3. Engaging Romance

Efron and Zendaya immediately have 10x the chemistry that Stone and Gosling had. Maybe that’s just because their characters were so much more likable. Stone plays a bratty, self important, wannabe actress who is either good or bad at acting as the script demands it, and Gosling is an elitist hipster douche who shouts over jazz bands to mansplain what an amazing lost art jazz is. (Also, it’s really irritating watching a white person completely appropriate black culture all for his greedy little hipster self while John Legend, a really talented black musician, is barely a cameo in this movie and his opinions on jazz are chucked in the bin because he added synths and that’s just too mainstream for Mr. Jazz Jesus over here.)

Once all the dazzle of new Hollywood romance fades away, Mia and Sebastian do nothing but spend time apart to focus on their careers or bitch at each other for not being supportive enough because both of them are narcissistic assholes. Zendaya and Efron’s love story gets about 1/4 the amount of screen time that Stone and Gosling had, yet they manage to make you care about their relationship way more effectively. Maybe it’s because their main obstacle is period racism and not each other.

4. A Heavily Featured Ensemble

Even though this is a highly inaccurate because P.T. Barnum was a jerkass con man in real life biofic about the man who invented the circus, the other characters are significant in the movie, and not just props in the protagonist’s story. Efron’s character who is roughly based on James Anthony Bailey, Barnum’s family, and of course, the members of the circus, all get their fair due. My favorite character is probably Lettie, the bearded woman. She could have easily been made into a cheap joke about women with masculine features, but she is arguably the character with the strongest spirit, develops from an insecure washerwoman to a proud performer and shows leadership skills with the rest of the troupe, and leads the most acclaimed number in the whole film, “This Is Me”. La La Land makes the mistake of focusing solely on Mia and Sebastian, who I’ve already defined as uninteresting and unlikable.

5. Depth

La La Land has none of the charm that Greatest Showman has in spades. Also it is incredibly shallow. Now, a good movie doesn’t necessarily have to send some profound message about society or morality, but without charm or wit, it can feel about as vapid as an episode of Keeping Up With The Kardashians. Greatest Showman touches on serious subjects like racism and classism without ever crossing over into heavy handed self-importance. La La Land‘s message is more or less, “I deserve to have all my dreams come true because I’m in Los Angeles and I’m giving the absolute minimal effort to be successful and I’m young and attractive.” Greatest Showman‘s message is simple, and a little cliché, but true: “Don’t be a sell out.”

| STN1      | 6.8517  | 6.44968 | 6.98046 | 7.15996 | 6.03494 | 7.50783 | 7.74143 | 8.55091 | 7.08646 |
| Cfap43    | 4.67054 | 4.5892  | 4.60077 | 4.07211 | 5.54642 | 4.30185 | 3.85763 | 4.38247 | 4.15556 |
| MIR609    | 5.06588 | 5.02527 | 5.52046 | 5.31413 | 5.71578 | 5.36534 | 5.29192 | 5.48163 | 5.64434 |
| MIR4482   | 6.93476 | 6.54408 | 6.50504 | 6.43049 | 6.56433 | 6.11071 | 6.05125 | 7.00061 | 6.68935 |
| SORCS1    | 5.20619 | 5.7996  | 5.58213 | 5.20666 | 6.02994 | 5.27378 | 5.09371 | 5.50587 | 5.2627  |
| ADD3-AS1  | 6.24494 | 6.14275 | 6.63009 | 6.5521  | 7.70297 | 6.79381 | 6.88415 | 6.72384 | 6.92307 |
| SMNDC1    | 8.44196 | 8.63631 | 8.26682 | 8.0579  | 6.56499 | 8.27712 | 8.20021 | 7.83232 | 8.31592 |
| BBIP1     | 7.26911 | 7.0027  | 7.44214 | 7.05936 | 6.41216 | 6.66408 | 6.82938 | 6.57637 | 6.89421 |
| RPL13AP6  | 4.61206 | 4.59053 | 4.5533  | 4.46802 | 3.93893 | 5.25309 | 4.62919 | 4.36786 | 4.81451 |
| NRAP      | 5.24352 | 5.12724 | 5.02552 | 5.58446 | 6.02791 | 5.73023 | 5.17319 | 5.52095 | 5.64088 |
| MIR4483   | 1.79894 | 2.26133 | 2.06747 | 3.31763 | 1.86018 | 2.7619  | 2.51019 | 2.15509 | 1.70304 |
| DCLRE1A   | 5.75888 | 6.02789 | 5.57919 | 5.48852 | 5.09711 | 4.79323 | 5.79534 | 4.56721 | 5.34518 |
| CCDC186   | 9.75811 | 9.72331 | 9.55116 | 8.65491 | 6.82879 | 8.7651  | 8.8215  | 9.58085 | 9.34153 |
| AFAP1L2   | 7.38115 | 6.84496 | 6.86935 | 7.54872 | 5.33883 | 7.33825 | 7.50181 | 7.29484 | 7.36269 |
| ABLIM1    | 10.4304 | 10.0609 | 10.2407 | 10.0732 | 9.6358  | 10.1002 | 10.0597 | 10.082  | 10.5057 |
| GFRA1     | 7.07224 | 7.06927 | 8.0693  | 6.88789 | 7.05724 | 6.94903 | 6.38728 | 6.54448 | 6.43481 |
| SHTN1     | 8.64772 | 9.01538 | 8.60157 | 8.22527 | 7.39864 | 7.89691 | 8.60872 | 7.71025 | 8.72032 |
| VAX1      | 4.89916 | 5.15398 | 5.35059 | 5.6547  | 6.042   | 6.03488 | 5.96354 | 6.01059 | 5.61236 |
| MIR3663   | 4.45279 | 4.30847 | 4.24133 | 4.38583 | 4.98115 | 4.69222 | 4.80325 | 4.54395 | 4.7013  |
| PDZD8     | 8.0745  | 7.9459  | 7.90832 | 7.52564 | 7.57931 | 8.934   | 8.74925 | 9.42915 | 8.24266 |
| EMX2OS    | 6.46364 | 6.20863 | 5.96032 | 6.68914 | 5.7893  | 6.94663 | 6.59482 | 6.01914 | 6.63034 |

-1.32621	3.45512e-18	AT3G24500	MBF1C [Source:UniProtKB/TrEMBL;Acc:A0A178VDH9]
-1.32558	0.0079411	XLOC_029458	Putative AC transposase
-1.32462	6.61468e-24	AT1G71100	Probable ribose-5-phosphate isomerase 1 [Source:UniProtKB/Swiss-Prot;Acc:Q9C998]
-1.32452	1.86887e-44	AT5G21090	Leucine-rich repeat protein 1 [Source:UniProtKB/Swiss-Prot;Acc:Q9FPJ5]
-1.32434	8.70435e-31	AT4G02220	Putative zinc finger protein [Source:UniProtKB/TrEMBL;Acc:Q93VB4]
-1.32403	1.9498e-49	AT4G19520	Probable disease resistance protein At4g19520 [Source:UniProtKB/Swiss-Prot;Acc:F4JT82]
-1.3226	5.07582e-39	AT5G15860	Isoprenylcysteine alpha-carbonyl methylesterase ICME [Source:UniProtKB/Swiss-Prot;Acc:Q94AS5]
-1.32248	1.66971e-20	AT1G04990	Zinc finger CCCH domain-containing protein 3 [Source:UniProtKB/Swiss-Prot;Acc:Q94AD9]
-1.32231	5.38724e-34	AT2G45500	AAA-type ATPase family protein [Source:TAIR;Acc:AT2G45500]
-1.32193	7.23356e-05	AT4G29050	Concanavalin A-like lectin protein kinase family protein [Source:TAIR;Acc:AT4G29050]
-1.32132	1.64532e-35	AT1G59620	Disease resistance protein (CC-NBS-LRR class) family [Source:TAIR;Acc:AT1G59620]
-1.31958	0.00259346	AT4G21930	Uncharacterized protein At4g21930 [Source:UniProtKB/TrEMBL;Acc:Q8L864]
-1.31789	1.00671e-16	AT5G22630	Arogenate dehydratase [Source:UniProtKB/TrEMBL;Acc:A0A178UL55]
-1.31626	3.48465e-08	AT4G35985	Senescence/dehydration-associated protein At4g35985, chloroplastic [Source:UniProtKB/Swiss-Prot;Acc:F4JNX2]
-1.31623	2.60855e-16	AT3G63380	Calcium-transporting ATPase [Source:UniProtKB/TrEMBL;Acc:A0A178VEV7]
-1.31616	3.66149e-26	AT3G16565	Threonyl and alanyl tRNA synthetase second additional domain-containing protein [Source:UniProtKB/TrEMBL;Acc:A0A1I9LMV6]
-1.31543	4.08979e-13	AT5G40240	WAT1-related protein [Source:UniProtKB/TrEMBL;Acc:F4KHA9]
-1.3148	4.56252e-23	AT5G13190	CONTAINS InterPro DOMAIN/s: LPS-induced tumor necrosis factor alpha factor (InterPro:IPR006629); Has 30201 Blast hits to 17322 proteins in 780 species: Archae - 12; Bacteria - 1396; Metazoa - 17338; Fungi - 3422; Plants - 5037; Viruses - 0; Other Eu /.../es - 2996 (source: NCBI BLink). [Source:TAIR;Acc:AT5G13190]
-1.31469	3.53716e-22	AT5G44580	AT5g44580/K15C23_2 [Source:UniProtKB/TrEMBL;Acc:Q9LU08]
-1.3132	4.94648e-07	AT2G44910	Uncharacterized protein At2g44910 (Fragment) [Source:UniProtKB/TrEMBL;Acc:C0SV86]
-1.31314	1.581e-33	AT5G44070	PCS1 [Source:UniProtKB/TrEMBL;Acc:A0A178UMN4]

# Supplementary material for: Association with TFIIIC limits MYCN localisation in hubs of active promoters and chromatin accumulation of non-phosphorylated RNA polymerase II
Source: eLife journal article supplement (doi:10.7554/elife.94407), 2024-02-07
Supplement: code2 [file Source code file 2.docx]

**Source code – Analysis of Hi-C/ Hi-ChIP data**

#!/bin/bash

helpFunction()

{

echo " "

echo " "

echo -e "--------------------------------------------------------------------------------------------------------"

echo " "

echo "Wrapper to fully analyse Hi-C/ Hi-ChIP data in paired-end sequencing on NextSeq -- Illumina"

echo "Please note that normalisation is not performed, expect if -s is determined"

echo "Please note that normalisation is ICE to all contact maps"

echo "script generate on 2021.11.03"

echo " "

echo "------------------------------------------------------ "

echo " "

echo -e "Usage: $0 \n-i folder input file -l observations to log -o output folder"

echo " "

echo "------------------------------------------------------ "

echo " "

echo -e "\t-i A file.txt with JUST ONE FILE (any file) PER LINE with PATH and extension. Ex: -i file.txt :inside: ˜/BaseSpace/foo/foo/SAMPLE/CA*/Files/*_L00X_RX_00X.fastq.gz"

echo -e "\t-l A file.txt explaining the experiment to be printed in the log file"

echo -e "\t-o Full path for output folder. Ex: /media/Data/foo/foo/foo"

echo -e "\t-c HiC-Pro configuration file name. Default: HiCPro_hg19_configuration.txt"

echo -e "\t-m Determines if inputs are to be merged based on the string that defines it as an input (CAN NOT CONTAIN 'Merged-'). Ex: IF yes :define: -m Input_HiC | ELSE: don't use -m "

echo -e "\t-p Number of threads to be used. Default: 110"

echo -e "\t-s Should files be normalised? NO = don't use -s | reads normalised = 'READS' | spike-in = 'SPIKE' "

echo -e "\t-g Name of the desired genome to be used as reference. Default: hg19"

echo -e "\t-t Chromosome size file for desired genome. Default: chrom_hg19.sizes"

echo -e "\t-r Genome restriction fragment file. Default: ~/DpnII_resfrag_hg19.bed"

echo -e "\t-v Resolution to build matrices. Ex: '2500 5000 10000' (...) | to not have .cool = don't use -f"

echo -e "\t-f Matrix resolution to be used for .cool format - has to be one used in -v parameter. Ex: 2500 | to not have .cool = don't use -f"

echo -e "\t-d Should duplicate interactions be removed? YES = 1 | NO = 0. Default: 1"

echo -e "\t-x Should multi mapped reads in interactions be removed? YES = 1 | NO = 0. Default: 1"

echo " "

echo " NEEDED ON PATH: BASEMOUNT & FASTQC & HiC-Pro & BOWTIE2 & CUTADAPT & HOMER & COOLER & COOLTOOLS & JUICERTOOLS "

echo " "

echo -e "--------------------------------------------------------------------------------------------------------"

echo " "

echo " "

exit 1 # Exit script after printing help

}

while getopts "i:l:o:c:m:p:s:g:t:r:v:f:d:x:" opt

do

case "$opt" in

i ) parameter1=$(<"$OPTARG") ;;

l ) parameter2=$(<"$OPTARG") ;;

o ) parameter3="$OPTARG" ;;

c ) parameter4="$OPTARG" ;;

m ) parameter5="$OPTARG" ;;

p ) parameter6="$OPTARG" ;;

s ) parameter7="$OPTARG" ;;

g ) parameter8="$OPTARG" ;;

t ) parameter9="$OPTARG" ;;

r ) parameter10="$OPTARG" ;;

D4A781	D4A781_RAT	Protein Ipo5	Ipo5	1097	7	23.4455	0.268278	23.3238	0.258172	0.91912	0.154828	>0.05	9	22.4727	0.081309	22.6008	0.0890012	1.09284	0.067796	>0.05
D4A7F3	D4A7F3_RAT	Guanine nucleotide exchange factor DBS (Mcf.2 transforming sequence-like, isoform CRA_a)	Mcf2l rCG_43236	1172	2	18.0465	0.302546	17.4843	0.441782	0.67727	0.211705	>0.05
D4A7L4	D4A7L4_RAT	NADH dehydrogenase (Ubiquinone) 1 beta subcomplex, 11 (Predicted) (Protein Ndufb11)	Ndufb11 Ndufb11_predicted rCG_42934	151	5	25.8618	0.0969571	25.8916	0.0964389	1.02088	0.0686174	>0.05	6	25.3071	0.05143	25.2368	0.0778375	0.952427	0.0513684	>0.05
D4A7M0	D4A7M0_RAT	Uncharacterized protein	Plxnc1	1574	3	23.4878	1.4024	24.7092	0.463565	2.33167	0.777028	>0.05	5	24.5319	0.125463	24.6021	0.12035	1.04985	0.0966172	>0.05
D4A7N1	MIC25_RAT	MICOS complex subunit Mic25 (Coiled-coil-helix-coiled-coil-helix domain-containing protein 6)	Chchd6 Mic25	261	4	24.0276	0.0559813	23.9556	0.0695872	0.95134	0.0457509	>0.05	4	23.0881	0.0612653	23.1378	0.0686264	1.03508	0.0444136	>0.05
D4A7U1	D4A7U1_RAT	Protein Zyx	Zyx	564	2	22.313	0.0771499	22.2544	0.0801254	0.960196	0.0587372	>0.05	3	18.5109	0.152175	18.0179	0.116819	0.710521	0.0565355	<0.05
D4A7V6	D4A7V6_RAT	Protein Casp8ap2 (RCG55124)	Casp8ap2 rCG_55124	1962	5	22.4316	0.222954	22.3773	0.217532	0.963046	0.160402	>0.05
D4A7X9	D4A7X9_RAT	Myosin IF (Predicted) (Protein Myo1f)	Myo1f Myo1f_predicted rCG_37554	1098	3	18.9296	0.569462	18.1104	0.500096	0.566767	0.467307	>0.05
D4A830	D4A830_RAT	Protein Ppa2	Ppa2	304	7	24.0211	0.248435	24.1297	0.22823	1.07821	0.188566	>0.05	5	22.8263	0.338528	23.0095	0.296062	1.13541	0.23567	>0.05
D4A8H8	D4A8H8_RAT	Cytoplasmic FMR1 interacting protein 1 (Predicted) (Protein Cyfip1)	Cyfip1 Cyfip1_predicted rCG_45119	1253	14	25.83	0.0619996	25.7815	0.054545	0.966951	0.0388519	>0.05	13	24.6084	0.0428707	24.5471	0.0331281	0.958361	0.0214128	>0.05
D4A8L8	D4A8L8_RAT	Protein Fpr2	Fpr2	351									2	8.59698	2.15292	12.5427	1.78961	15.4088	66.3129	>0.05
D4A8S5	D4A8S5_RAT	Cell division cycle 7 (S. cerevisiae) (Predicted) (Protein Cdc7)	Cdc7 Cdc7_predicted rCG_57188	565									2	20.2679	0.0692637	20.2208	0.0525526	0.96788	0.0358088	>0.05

Man, I didn’t realize how much I hated La La Land until I wrote this review.

Anyway, it may be way too early to say, but I think The Greatest Showman is going to end up being my favorite film of 2018. Like I said, it deserves every award. ~TRL

A Really Great Show With A Really WEIRD Premise

Don’t worry, they’re the nice kind of Nazis!

Imagine you walk into a studio executive’s office today and said, “Hey. I’ve got a great idea for a television show. It’s a sitcom…set in a prisoner-of-war camp in Nazi Germany.” They’d probably tell you to get out of their office. Well, in 1965, you might have had a better chance of someone taking your pitch seriously.

Hogan’s Heroes ran on CBS from September of 1965 to March of 1971, for six seasons and 168 episodes. Let me put that into perspective: that’s more episodes than Game Of Thrones (67, currently), the original series of Star Trek (79), LOST (121), and the same amount of episodes as The Mary Tyler Moore Show. That’s a LOT of f**king episodes!

(Let me clarify something quickly: when soldiers are captured in war, sometimes instead of being killed, they’re put into these prisoner-of-war camps. It’s like jail. It’s not the same as a concentration camp or a death camp. Honestly, Hogan’s Heroes doesn’t even really have to do with the Holocaust. So it’s not making light of genocide or anything. Don’t get mad.)

What it does make light of, however, is the Nazis themselves. Pretty much every German soldier in the story suffers from such incapacitating stupidity that it makes you wonder how the Allies didn’t win the war a lot sooner.

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“Gentlemen, the war effort is depending on this group of lovable rag-tag idiots.”

The heroes of the story (ha ha), are five prisoners of war who are imprisoned at German POW camp Stalag 13. Their leader is American Colonel Robert Hogan, played by Bob Crane. Hogan is basically the love child of Captain Kirk and Tony Stark–he’s dashing, quippy, ingenious, sneaky, and quite the ladies’ man.

His cohorts are Sergeant Andrew Carter, Corporal Louis LeBeau, Corporal Peter Newkirk, and Sergeant James Kinchloe. Carter is the Chekov of the group (because he’s the baby). His character can basically be described as “dumb blonde explosives expert bordering on mad scientist”. (He’s a little too eager to blow stuff up, you know?) He’s also scary good at impersonating Hitler, so much so that it’s a running gag in the show, and he actually dresses up and poses as Hitler in an episode–and the Germans fall for it! They really believe he’s Hitler! I told you–the Nazis are f**king idiots in this show.